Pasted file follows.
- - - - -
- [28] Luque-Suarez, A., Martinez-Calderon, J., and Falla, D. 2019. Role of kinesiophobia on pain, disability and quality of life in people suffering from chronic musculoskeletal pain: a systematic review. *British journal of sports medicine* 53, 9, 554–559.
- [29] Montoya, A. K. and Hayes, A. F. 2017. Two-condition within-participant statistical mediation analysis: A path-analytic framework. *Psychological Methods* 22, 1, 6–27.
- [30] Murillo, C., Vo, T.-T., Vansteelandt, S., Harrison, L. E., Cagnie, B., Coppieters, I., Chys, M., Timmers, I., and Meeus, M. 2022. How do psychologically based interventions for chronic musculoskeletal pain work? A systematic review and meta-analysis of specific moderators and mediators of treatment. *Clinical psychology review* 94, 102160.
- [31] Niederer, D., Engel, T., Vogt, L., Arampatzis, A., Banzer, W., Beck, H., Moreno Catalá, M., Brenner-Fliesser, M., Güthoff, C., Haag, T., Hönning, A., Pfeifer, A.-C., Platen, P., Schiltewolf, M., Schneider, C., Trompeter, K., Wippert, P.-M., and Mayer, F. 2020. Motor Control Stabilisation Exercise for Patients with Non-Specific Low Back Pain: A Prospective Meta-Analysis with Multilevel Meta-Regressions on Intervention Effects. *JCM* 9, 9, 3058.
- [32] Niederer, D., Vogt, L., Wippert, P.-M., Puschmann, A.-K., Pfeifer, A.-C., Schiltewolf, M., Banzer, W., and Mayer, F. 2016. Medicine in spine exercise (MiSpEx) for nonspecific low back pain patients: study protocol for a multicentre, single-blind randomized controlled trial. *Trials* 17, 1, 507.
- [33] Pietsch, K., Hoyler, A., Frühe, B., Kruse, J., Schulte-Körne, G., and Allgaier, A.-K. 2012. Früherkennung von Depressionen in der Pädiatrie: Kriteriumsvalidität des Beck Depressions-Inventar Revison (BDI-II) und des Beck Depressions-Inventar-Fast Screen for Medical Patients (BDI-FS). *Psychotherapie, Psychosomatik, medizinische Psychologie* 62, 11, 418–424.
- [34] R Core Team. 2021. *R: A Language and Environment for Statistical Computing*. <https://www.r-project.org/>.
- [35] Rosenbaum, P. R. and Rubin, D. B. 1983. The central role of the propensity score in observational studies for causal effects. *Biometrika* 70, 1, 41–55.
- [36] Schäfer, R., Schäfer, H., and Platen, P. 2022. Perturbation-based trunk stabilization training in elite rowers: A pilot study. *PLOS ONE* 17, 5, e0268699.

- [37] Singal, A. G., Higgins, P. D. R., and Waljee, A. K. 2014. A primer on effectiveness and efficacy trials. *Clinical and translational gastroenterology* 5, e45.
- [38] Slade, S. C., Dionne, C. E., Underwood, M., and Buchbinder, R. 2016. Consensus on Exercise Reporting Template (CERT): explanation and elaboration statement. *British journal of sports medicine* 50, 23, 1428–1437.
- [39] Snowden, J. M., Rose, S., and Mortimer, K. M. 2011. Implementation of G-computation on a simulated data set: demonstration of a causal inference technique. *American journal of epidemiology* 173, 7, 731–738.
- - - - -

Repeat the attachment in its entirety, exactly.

- [28] Luque-Suarez, A., Martinez-Calderon, J., and Falla, D. 2019. Role of kinesiophobia on pain, disability and quality of life in people suffering from chronic musculoskeletal pain: a systematic review. *British journal of sports medicine* 53, 9, 554–559.
- [29] Montoya, A. K. and Hayes, A. F. 2017. Two-condition within-participant statistical mediation analysis: A path-analytic framework. *Psychological Methods* 22, 1, 6–27.
- [30] Murillo, C., Vo, T.-T., Vansteelandt, S., Harrison, L. E., Cagnie, B., Coppieters, I., Chys, M., Timmers, I., and Meeus, M. 2022. How do psychologically based interventions for chronic musculoskeletal pain work? A systematic review and meta-analysis of specific moderators and mediators of treatment. *Clinical psychology review* 94, 102160.
- [31] Niederer, D., Engel, T., Vogt, L., Arampatzis, A., Banzer, W., Beck, H., Moreno Catalá, M., Brenner-Fliesser, M., Güthoff, C., Haag, T., Hönning, A., Pfeifer, A.-C., Platen, P., Schiltewolf, M., Schneider, C., Trompeter, K., Wippert, P.-M., and Mayer, F. 2020. Motor Control Stabilisation Exercise for Patients with Non-Specific Low Back Pain: A Prospective Meta-Analysis with Multilevel Meta-Regressions on Intervention Effects. *JCM* 9, 9, 3058.
- [32] Niederer, D., Vogt, L., Wippert, P.-M., Puschmann, A.-K., Pfeifer, A.-C., Schiltewolf, M., Banzer, W., and Mayer, F. 2016. Medicine in spine exercise (MiSpEx) for nonspecific low back pain patients: study protocol for a multicentre, single-blind randomized controlled trial. *Trials* 17, 1, 507.
- [33] Pietsch, K., Hoyler, A., Frühe, B., Kruse, J., Schulte-Körne, G., and Allgaier, A.-K. 2012. Früherkennung von Depressionen in der Pädiatrie: Kriteriumsvalidität des Beck Depressions-Inventar Revison (BDI-II) und des Beck Depressions-Inventar-Fast Screen for Medical Patients (BDI-FS). *Psychotherapie, Psychosomatik, medizinische Psychologie* 62, 11, 418–424.
- [34] R Core Team. 2021. *R: A Language and Environment for Statistical Computing*. <https://www.r-project.org/>.
- [35] Rosenbaum, P. R. and Rubin, D. B. 1983. The central role of the propensity score in observational studies for causal effects. *Biometrika* 70, 1, 41–55.
- [36] Schäfer, R., Schäfer, H., and Platen, P. 2022. Perturbation-based trunk stabilization training in elite rowers: A pilot study. *PLOS ONE* 17, 5, e0268699.

- [37] Singal, A. G., Higgins, P. D. R., and Waljee, A. K. 2014. A primer on effectiveness and efficacy trials. *Clinical and translational gastroenterology* 5, e45.
- [38] Slade, S. C., Dionne, C. E., Underwood, M., and Buchbinder, R. 2016. Consensus on Exercise Reporting Template (CERT): explanation and elaboration statement. *British journal of sports medicine* 50, 23, 1428–1437.
- [39] Snowden, J. M., Rose, S., and Mortimer, K. M. 2011. Implementation of G-computation on a simulated data set: demonstration of a causal inference technique. *American journal of epidemiology* 173, 7, 731–738.